Take that in for a second. When we are feeling emotions–I’m talking’ any visceral, emotional response, good or bad!–food is never the answer.

Yes, food is wonderful and delicious and nurturing and good. But when it’s the first thing that comes to mind when experiencing a strong emotional response to something, we¬†must know that we have some work to do.¬†


IMO, we eat for all kinds of emotional reasons, and many of them would be considered good. In fact, there’s a strong, cultural expectation to eat to celebrate…

But there’s a difference between celebrating with food and using food to celebrate.


The way¬†we internalize these two situations is different because in the former, food is an accessory to the experience. In the latter, it’s the primary focus.

Think about how common it is to use food as a reward. When I used to get cravings, I would¬†tell myself that I could have the item I was craving…as long as I worked out to “earn” it.

There’s no end to the creative ways out brains work to justify indulgences, and there’s actually a name for it:

The Licensing Effect (which I read about in this book)

The virtuous feeling that we get after a sweat session or after having achieved something is all our brains need to give us the “license” to debauch!

So whether the emotional trigger to eat is positive or negative, to respond with food typically acts against our best self interests because it reinforces that any time is a good time to eat–whether we’re hungry or not.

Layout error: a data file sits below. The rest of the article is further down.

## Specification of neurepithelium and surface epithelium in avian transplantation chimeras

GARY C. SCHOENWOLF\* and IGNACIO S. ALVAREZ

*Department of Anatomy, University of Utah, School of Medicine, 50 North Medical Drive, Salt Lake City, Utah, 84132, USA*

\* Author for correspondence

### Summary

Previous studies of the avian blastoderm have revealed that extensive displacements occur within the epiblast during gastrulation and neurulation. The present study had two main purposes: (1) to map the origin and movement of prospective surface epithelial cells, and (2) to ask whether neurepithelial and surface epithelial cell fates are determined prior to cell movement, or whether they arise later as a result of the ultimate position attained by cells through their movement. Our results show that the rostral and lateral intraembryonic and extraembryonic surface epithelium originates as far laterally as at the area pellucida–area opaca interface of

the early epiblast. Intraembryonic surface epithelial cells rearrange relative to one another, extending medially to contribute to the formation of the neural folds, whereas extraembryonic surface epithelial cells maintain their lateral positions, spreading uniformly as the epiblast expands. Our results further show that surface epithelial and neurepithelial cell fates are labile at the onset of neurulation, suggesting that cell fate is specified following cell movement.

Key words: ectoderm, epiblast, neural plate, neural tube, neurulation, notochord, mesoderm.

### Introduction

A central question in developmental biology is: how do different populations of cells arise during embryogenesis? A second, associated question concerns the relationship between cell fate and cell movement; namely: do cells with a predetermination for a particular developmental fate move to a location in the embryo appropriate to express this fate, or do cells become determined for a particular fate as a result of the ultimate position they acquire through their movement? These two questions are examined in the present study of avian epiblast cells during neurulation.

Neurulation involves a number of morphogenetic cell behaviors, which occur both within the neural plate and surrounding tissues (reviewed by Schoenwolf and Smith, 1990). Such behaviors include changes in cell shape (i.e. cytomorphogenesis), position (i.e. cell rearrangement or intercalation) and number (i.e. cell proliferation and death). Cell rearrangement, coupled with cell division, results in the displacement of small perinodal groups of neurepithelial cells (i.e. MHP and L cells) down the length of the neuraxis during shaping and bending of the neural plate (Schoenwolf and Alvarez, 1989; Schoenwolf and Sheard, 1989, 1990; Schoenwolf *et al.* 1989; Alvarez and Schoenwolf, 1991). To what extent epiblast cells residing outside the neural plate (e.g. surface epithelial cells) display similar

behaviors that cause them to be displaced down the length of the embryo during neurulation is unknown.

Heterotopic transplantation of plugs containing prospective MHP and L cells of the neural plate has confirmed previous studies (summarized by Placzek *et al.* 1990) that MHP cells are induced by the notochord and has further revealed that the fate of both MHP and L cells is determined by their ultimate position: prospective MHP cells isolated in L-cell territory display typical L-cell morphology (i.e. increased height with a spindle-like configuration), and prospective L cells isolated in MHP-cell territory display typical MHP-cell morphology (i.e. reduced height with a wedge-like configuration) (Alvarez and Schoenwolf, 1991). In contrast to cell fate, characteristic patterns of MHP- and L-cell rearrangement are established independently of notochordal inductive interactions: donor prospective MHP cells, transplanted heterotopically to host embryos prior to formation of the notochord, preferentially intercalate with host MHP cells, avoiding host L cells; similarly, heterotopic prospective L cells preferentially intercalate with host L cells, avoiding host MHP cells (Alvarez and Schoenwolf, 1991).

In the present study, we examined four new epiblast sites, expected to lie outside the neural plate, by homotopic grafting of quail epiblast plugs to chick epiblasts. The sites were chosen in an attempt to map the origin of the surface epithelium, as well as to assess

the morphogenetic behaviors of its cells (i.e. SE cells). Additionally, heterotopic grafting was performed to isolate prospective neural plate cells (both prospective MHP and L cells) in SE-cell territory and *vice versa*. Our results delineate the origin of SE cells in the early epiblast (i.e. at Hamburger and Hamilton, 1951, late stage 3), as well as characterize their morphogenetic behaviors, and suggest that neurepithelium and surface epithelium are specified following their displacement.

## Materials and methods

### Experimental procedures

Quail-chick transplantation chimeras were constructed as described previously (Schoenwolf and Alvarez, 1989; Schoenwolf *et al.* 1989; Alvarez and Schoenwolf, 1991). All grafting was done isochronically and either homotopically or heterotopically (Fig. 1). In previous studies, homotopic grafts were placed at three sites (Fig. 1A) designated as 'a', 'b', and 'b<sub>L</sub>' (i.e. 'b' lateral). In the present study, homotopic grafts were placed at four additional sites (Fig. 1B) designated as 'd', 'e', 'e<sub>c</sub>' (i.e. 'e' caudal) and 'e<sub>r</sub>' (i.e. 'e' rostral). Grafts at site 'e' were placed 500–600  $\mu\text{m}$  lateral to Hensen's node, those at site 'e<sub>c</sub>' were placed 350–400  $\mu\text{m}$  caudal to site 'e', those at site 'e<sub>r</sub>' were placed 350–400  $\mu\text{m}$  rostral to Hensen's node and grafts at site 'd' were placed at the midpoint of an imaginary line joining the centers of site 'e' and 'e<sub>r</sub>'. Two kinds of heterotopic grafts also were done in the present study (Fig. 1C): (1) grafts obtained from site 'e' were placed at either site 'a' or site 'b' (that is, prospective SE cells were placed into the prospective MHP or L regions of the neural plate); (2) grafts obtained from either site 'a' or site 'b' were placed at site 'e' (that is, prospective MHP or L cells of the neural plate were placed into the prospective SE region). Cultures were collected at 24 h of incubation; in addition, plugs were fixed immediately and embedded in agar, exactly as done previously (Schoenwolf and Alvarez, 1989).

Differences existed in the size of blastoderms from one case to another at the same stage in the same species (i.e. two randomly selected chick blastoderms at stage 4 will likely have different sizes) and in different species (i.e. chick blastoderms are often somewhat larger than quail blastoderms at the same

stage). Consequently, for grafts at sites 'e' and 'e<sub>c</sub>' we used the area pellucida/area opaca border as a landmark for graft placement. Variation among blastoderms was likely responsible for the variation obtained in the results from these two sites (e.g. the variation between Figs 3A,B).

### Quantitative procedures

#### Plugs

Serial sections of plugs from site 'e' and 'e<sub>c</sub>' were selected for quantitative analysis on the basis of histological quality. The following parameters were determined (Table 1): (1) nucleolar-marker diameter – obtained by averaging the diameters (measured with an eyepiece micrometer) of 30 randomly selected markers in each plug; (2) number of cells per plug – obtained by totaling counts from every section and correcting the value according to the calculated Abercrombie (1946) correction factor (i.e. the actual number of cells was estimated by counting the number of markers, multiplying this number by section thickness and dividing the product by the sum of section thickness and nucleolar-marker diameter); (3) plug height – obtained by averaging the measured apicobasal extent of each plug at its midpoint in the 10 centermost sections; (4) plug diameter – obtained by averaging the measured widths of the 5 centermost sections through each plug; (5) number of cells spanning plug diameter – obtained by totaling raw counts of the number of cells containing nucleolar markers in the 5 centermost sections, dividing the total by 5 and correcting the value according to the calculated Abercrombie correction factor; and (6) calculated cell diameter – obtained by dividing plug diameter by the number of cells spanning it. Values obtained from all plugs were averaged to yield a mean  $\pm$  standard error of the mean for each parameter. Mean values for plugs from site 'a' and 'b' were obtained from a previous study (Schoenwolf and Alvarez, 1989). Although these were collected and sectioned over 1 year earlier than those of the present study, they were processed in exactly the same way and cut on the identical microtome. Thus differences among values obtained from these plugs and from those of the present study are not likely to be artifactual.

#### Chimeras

Hunger is not an emotion; it’s a physical sensation. It’s something that we experience first in our stomachs, and then in our minds…

Whereas on the other hand, emotional triggers to eat are typically experienced in our minds only–there’s no physical component.

This doesn’t, however,¬†make emotional triggers any less real. I know how strong these sensations come on, and therefore how hard they are to overcome in a charged and vulnerable moment.

It’s taken me a lot of practice–and more than a few failures!–to get the point where I can call out and label my emotions for what they are, thereby distinguishing them from real hunger.


This is a process, so my first piece of advice is to be patient.

Show yourself some compassion. Show yourself some grace.

If you find that hard to do, I encourage you to reach out to someone who can hold space for you to be vulnerable.

Trust me: there is someone else out there who understands how a giant piece of German chocolate cake can, in an emotionally-charged moment, feel like the only thing in the world that will make it better…